Credit where credit's due

When you've got out of work at a reasonable time and the sun is still beaming through the city centre, and everybody's flitting around looking for beer gardens and relaxing with friends, you remember how much you've missed the summer.

That said, finding a location for after work drinks, when the girls want Bellinis but the boys want half decent beers (sweeping generalisations alert, sorry Melissa!) and everybody wants burgers and sunshine, is more difficult a task in Leeds than you might think. We've got some fantastic beery places such as North Bar, Mr Foleys and Veritas, but not many places where you can sit in a sunny beer garden and have the option to get a bite to eat aswell.

So where did we decide on? In the end it was All Bar One on Millenium Square as it's the only place that gets sun into the early evening, serves decent food, has a few nice beers and does cocktails. It's a place that attempts to have something for everyone and I think what it does, it does very well. Two cask ales on handpull (sold out) a selection of decent world beers on the bar including Pilsner Urquell, Sierra Nevada Pale Ale and a nice Rothaus German Wheat Beer, plus a decent selection of bottled beers including Worthington White Shield, Duvel, Brooklyn Lager, and Innis & Gunn.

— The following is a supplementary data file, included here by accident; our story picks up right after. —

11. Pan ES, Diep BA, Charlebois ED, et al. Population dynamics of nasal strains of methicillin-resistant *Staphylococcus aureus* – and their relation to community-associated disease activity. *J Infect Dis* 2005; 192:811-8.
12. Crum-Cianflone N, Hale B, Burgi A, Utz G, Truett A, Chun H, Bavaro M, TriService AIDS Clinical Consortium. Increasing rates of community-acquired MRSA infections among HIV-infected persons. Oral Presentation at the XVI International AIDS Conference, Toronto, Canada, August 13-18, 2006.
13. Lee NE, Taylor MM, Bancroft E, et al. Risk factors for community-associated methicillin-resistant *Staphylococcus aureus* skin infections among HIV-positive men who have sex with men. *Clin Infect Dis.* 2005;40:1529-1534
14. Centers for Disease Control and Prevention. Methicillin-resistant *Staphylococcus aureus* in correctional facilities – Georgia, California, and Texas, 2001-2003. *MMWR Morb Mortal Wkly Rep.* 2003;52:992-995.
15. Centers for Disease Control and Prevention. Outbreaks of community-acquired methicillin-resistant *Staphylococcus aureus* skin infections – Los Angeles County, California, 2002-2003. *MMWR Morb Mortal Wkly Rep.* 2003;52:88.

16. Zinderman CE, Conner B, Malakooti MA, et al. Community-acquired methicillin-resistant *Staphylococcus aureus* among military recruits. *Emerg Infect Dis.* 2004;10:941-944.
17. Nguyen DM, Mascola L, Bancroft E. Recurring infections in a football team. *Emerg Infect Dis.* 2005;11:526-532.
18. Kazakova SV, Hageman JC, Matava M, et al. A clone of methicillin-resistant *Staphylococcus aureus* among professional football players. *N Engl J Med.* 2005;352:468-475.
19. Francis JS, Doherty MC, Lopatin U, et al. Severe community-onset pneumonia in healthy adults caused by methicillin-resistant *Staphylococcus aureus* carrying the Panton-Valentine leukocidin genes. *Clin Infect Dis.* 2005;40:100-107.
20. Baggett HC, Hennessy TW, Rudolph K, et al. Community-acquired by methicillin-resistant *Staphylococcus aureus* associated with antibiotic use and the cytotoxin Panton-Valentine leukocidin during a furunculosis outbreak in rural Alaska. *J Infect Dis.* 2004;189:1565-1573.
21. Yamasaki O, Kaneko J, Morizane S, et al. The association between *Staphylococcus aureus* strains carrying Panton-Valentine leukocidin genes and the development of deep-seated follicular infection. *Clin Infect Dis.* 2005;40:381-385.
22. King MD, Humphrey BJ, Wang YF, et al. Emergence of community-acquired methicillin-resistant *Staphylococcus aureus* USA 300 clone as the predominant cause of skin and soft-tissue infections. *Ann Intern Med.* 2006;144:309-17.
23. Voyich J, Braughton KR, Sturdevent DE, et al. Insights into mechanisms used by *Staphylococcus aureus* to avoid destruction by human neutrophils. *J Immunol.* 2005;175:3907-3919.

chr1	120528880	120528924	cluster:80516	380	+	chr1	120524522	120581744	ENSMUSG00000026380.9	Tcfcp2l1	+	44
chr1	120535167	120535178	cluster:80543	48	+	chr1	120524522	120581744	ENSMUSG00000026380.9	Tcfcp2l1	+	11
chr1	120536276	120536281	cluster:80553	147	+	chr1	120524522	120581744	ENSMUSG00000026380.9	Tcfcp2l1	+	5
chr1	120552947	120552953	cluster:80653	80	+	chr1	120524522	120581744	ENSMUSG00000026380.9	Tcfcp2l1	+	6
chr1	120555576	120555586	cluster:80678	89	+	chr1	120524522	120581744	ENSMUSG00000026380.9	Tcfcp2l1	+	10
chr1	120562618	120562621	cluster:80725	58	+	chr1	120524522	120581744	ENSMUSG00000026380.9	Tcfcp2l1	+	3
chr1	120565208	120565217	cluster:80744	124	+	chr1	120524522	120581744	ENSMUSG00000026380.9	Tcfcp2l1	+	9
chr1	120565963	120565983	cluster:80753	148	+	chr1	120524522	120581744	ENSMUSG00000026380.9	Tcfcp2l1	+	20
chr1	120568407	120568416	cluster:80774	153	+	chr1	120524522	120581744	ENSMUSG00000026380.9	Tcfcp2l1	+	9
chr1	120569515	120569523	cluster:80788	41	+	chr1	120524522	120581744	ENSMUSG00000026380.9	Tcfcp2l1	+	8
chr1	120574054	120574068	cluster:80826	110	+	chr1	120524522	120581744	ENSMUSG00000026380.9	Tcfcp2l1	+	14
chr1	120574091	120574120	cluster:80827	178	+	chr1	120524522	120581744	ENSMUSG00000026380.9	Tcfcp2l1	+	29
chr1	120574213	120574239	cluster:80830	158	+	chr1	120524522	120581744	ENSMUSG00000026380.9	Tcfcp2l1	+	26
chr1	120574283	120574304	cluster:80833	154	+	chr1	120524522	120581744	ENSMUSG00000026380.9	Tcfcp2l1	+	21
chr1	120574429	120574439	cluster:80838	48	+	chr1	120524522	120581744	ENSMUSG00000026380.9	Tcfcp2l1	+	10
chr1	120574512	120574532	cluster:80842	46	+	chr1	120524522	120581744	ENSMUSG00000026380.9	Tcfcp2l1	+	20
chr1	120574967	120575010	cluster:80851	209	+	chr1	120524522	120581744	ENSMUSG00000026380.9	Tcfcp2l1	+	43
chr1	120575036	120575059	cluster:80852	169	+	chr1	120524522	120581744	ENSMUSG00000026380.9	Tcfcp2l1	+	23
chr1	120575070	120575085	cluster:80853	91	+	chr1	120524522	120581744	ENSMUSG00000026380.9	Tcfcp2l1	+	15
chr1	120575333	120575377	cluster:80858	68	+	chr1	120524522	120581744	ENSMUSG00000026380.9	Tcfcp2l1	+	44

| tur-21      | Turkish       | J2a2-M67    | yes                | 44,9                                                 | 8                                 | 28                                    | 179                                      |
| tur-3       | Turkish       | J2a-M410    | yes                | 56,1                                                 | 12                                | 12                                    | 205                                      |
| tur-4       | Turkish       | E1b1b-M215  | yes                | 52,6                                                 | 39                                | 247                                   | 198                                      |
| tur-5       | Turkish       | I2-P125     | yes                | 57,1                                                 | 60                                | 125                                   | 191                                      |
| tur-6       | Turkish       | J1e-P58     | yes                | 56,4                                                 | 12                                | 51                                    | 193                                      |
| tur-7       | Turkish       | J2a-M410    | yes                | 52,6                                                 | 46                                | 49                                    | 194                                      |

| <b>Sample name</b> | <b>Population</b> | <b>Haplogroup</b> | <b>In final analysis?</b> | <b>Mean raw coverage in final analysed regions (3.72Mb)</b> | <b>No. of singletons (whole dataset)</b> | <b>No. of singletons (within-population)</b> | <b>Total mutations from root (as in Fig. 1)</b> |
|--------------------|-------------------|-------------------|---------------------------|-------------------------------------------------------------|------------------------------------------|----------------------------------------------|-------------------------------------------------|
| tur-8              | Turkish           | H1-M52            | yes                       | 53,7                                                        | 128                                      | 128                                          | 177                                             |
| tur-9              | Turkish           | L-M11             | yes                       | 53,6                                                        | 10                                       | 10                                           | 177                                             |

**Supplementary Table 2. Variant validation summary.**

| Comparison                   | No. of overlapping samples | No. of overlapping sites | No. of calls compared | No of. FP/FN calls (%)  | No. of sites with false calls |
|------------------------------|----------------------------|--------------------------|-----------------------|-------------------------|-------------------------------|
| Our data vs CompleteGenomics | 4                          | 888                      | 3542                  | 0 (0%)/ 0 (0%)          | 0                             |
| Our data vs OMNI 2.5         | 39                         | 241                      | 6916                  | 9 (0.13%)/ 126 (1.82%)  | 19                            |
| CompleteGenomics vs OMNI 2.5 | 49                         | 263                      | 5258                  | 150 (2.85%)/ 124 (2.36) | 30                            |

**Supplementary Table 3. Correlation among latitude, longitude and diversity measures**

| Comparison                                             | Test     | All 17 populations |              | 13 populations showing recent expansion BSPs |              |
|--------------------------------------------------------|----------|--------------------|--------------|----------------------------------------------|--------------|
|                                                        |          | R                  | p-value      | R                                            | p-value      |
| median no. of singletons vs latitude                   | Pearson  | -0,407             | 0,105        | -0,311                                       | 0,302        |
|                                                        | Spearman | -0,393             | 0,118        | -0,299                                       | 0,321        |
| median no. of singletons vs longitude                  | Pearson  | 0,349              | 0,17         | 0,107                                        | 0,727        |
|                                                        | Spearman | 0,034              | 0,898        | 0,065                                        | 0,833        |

I had a really tasty and high quality gammon egg and chips with a pint of Rothaus Wheat Beer and Colette had the coriander and harissa lamb burger with tzatziki and a Prosecco Bellini. Everything was well made, well cooked and really tasty. The Rothaus was an orangey, light wheat beer, lovelly and refreshing, slightly peppery with a herbal edge but essentially a tasty, simple, summery beer.

So my question is, why can't more mainstream bars get it right like this place? How many times do you walk into a bar with friends or colleagues and the only options are a pint of Becks and Coronas in the fridge? All Bar One was packed with people and it seemed to me that the better beers were selling the quickest. If the cask ale was sold out then thats obviously popular, and of the kegs it was the Wheat Beer and Sierra Nevada Pale Ale that were flying out. I think the tide is genuinely turning and more people than ever are starting to come around to drinking better beer.

How far away is the day when you can walk into any old place and they'll have nothing but decent beer on the bar?

I feel like it's getting closer.

1 comment:

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